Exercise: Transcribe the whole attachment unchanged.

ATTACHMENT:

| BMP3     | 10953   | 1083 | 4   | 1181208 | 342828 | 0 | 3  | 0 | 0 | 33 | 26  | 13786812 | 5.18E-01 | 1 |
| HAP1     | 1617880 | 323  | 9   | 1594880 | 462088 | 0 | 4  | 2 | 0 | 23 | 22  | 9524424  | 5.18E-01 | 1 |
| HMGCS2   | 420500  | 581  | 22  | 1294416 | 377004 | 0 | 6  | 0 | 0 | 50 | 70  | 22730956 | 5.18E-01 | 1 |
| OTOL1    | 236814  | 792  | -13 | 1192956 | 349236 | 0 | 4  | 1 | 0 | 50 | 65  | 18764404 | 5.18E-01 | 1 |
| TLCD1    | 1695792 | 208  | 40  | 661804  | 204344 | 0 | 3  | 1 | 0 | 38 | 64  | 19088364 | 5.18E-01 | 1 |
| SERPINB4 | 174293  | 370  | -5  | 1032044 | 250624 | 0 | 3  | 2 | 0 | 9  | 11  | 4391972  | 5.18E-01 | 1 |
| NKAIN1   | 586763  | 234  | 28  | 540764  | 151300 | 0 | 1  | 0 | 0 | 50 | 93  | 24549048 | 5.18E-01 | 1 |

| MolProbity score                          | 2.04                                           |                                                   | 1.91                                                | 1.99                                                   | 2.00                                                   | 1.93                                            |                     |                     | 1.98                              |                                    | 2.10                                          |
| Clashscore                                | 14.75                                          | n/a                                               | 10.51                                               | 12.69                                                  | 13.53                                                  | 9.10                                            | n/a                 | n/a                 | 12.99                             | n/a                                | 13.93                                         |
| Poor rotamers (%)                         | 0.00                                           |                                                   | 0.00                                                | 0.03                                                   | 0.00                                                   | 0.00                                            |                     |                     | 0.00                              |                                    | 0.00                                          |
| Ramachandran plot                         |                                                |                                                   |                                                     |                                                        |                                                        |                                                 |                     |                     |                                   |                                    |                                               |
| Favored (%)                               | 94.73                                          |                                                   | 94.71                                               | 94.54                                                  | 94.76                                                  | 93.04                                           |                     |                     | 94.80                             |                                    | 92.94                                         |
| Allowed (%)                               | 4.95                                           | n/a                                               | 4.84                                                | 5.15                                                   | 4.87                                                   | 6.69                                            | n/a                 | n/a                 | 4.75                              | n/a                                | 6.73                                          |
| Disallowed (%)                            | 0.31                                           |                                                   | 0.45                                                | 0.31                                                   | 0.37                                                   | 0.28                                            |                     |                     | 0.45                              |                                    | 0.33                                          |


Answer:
| BMP3     | 10953   | 1083 | 4   | 1181208 | 342828 | 0 | 3  | 0 | 0 | 33 | 26  | 13786812 | 5.18E-01 | 1 |
| HAP1     | 1617880 | 323  | 9   | 1594880 | 462088 | 0 | 4  | 2 | 0 | 23 | 22  | 9524424  | 5.18E-01 | 1 |
| HMGCS2   | 420500  | 581  | 22  | 1294416 | 377004 | 0 | 6  | 0 | 0 | 50 | 70  | 22730956 | 5.18E-01 | 1 |
| OTOL1    | 236814  | 792  | -13 | 1192956 | 349236 | 0 | 4  | 1 | 0 | 50 | 65  | 18764404 | 5.18E-01 | 1 |
| TLCD1    | 1695792 | 208  | 40  | 661804  | 204344 | 0 | 3  | 1 | 0 | 38 | 64  | 19088364 | 5.18E-01 | 1 |
| SERPINB4 | 174293  | 370  | -5  | 1032044 | 250624 | 0 | 3  | 2 | 0 | 9  | 11  | 4391972  | 5.18E-01 | 1 |
| NKAIN1   | 586763  | 234  | 28  | 540764  | 151300 | 0 | 1  | 0 | 0 | 50 | 93  | 24549048 | 5.18E-01 | 1 |

| MolProbity score                          | 2.04                                           |                                                   | 1.91                                                | 1.99                                                   | 2.00                                                   | 1.93                                            |                     |                     | 1.98                              |                                    | 2.10                                          |
| Clashscore                                | 14.75                                          | n/a                                               | 10.51                                               | 12.69                                                  | 13.53                                                  | 9.10                                            | n/a                 | n/a                 | 12.99                             | n/a                                | 13.93                                         |
| Poor rotamers (%)                         | 0.00                                           |                                                   | 0.00                                                | 0.03                                                   | 0.00                                                   | 0.00                                            |                     |                     | 0.00                              |                                    | 0.00                                          |
| Ramachandran plot                         |                                                |                                                   |                                                     |                                                        |                                                        |                                                 |                     |                     |                                   |                                    |                                               |
| Favored (%)                               | 94.73                                          |                                                   | 94.71                                               | 94.54                                                  | 94.76                                                  | 93.04                                           |                     |                     | 94.80                             |                                    | 92.94                                         |
| Allowed (%)                               | 4.95                                           | n/a                                               | 4.84                                                | 5.15                                                   | 4.87                                                   | 6.69                                            | n/a                 | n/a                 | 4.75                              | n/a                                | 6.73                                          |
| Disallowed (%)                            | 0.31                                           |                                                   | 0.45                                                | 0.31                                                   | 0.37                                                   | 0.28                                            |                     |                     | 0.45                              |                                    | 0.33                                          |